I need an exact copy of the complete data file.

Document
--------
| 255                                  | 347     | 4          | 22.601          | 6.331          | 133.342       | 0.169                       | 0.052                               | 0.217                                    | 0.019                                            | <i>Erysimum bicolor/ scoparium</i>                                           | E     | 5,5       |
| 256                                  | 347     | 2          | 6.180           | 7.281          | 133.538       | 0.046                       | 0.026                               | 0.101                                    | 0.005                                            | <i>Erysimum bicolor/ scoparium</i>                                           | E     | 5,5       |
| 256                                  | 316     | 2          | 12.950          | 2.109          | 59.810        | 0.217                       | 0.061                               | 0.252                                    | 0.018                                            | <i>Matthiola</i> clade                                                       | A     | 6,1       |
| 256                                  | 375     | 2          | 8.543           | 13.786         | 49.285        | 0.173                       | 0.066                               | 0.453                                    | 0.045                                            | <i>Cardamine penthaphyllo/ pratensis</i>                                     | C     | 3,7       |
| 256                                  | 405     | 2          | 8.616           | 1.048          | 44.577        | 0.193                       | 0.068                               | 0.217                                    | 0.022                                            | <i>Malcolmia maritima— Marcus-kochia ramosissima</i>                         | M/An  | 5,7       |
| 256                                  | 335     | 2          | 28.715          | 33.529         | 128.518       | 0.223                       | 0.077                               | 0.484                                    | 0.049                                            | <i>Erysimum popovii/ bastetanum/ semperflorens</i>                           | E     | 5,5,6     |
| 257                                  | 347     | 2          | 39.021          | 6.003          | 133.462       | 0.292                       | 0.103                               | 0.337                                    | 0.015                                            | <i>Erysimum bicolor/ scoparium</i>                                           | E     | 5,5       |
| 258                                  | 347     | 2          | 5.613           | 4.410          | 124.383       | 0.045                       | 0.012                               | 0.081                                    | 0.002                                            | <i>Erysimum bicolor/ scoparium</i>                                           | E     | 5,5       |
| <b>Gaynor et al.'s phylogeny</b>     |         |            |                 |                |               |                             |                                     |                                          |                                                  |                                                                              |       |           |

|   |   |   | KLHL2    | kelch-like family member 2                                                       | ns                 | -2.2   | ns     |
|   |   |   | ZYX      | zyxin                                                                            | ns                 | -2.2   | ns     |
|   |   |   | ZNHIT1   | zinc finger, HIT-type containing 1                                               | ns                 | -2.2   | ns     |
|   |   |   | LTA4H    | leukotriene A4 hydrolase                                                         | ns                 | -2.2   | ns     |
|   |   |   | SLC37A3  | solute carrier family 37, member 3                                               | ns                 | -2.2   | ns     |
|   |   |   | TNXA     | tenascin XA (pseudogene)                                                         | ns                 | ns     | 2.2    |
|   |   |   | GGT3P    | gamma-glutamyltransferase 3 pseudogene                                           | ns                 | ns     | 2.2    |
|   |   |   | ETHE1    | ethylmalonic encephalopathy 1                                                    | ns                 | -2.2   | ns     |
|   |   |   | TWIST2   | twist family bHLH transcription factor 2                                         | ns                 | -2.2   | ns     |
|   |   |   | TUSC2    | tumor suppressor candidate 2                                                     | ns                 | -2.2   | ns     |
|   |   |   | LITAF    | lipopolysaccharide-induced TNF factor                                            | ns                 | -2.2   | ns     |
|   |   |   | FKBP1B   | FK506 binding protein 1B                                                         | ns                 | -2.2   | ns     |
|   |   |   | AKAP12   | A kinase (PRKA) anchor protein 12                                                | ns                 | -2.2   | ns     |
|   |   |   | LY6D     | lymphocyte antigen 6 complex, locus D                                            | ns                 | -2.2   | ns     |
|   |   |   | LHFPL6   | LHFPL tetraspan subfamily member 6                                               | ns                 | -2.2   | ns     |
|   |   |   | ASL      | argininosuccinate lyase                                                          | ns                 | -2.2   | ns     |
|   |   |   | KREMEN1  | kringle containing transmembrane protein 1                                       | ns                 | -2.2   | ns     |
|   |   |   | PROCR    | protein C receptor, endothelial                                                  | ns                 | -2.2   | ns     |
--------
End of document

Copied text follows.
| 255                                  | 347     | 4          | 22.601          | 6.331          | 133.342       | 0.169                       | 0.052                               | 0.217                                    | 0.019                                            | <i>Erysimum bicolor/ scoparium</i>                                           | E     | 5,5       |
| 256                                  | 347     | 2          | 6.180           | 7.281          | 133.538       | 0.046                       | 0.026                               | 0.101                                    | 0.005                                            | <i>Erysimum bicolor/ scoparium</i>                                           | E     | 5,5       |
| 256                                  | 316     | 2          | 12.950          | 2.109          | 59.810        | 0.217                       | 0.061                               | 0.252                                    | 0.018                                            | <i>Matthiola</i> clade                                                       | A     | 6,1       |
| 256                                  | 375     | 2          | 8.543           | 13.786         | 49.285        | 0.173                       | 0.066                               | 0.453                                    | 0.045                                            | <i>Cardamine penthaphyllo/ pratensis</i>                                     | C     | 3,7       |
| 256                                  | 405     | 2          | 8.616           | 1.048          | 44.577        | 0.193                       | 0.068                               | 0.217                                    | 0.022                                            | <i>Malcolmia maritima— Marcus-kochia ramosissima</i>                         | M/An  | 5,7       |
| 256                                  | 335     | 2          | 28.715          | 33.529         | 128.518       | 0.223                       | 0.077                               | 0.484                                    | 0.049                                            | <i>Erysimum popovii/ bastetanum/ semperflorens</i>                           | E     | 5,5,6     |
| 257                                  | 347     | 2          | 39.021          | 6.003          | 133.462       | 0.292                       | 0.103                               | 0.337                                    | 0.015                                            | <i>Erysimum bicolor/ scoparium</i>                                           | E     | 5,5       |
| 258                                  | 347     | 2          | 5.613           | 4.410          | 124.383       | 0.045                       | 0.012                               | 0.081                                    | 0.002                                            | <i>Erysimum bicolor/ scoparium</i>                                           | E     | 5,5       |
| <b>Gaynor et al.'s phylogeny</b>     |         |            |                 |                |               |                             |                                     |                                          |                                                  |                                                                              |       |           |

|   |   |   | KLHL2    | kelch-like family member 2                                                       | ns                 | -2.2   | ns     |
|   |   |   | ZYX      | zyxin                                                                            | ns                 | -2.2   | ns     |
|   |   |   | ZNHIT1   | zinc finger, HIT-type containing 1                                               | ns                 | -2.2   | ns     |
|   |   |   | LTA4H    | leukotriene A4 hydrolase                                                         | ns                 | -2.2   | ns     |
|   |   |   | SLC37A3  | solute carrier family 37, member 3                                               | ns                 | -2.2   | ns     |
|   |   |   | TNXA     | tenascin XA (pseudogene)                                                         | ns                 | ns     | 2.2    |
|   |   |   | GGT3P    | gamma-glutamyltransferase 3 pseudogene                                           | ns                 | ns     | 2.2    |
|   |   |   | ETHE1    | ethylmalonic encephalopathy 1                                                    | ns                 | -2.2   | ns     |
|   |   |   | TWIST2   | twist family bHLH transcription factor 2                                         | ns                 | -2.2   | ns     |
|   |   |   | TUSC2    | tumor suppressor candidate 2                                                     | ns                 | -2.2   | ns     |
|   |   |   | LITAF    | lipopolysaccharide-induced TNF factor                                            | ns                 | -2.2   | ns     |
|   |   |   | FKBP1B   | FK506 binding protein 1B                                                         | ns                 | -2.2   | ns     |
|   |   |   | AKAP12   | A kinase (PRKA) anchor protein 12                                                | ns                 | -2.2   | ns     |
|   |   |   | LY6D     | lymphocyte antigen 6 complex, locus D                                            | ns                 | -2.2   | ns     |
|   |   |   | LHFPL6   | LHFPL tetraspan subfamily member 6                                               | ns                 | -2.2   | ns     |
|   |   |   | ASL      | argininosuccinate lyase                                                          | ns                 | -2.2   | ns     |
|   |   |   | KREMEN1  | kringle containing transmembrane protein 1                                       | ns                 | -2.2   | ns     |
|   |   |   | PROCR    | protein C receptor, endothelial                                                  | ns                 | -2.2   | ns     |